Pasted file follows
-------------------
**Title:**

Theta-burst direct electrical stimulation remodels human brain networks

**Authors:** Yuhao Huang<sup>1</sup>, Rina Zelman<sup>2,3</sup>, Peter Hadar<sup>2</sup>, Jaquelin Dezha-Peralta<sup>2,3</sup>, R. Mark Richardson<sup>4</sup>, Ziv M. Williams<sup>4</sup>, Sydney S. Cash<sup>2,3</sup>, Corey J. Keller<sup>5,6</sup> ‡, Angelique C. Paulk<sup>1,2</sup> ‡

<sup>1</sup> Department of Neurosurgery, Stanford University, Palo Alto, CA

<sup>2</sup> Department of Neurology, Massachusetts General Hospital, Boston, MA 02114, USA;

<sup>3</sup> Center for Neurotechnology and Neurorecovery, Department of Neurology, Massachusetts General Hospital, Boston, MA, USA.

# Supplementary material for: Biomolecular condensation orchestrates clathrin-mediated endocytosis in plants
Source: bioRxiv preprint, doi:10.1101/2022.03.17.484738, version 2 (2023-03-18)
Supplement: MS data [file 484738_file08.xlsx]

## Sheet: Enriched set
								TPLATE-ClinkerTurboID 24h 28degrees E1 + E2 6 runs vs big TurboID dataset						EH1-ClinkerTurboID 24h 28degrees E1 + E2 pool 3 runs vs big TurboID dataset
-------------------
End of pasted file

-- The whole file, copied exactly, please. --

**Title:**

Theta-burst direct electrical stimulation remodels human brain networks

**Authors:** Yuhao Huang<sup>1</sup>, Rina Zelman<sup>2,3</sup>, Peter Hadar<sup>2</sup>, Jaquelin Dezha-Peralta<sup>2,3</sup>, R. Mark Richardson<sup>4</sup>, Ziv M. Williams<sup>4</sup>, Sydney S. Cash<sup>2,3</sup>, Corey J. Keller<sup>5,6</sup> ‡, Angelique C. Paulk<sup>1,2</sup> ‡

<sup>1</sup> Department of Neurosurgery, Stanford University, Palo Alto, CA

<sup>2</sup> Department of Neurology, Massachusetts General Hospital, Boston, MA 02114, USA;

<sup>3</sup> Center for Neurotechnology and Neurorecovery, Department of Neurology, Massachusetts General Hospital, Boston, MA, USA.

# Supplementary material for: Biomolecular condensation orchestrates clathrin-mediated endocytosis in plants
Source: bioRxiv preprint, doi:10.1101/2022.03.17.484738, version 2 (2023-03-18)
Supplement: MS data [file 484738_file08.xlsx]

## Sheet: Enriched set
								TPLATE-ClinkerTurboID 24h 28degrees E1 + E2 6 runs vs big TurboID dataset						EH1-ClinkerTurboID 24h 28degrees E1 + E2 pool 3 runs vs big TurboID dataset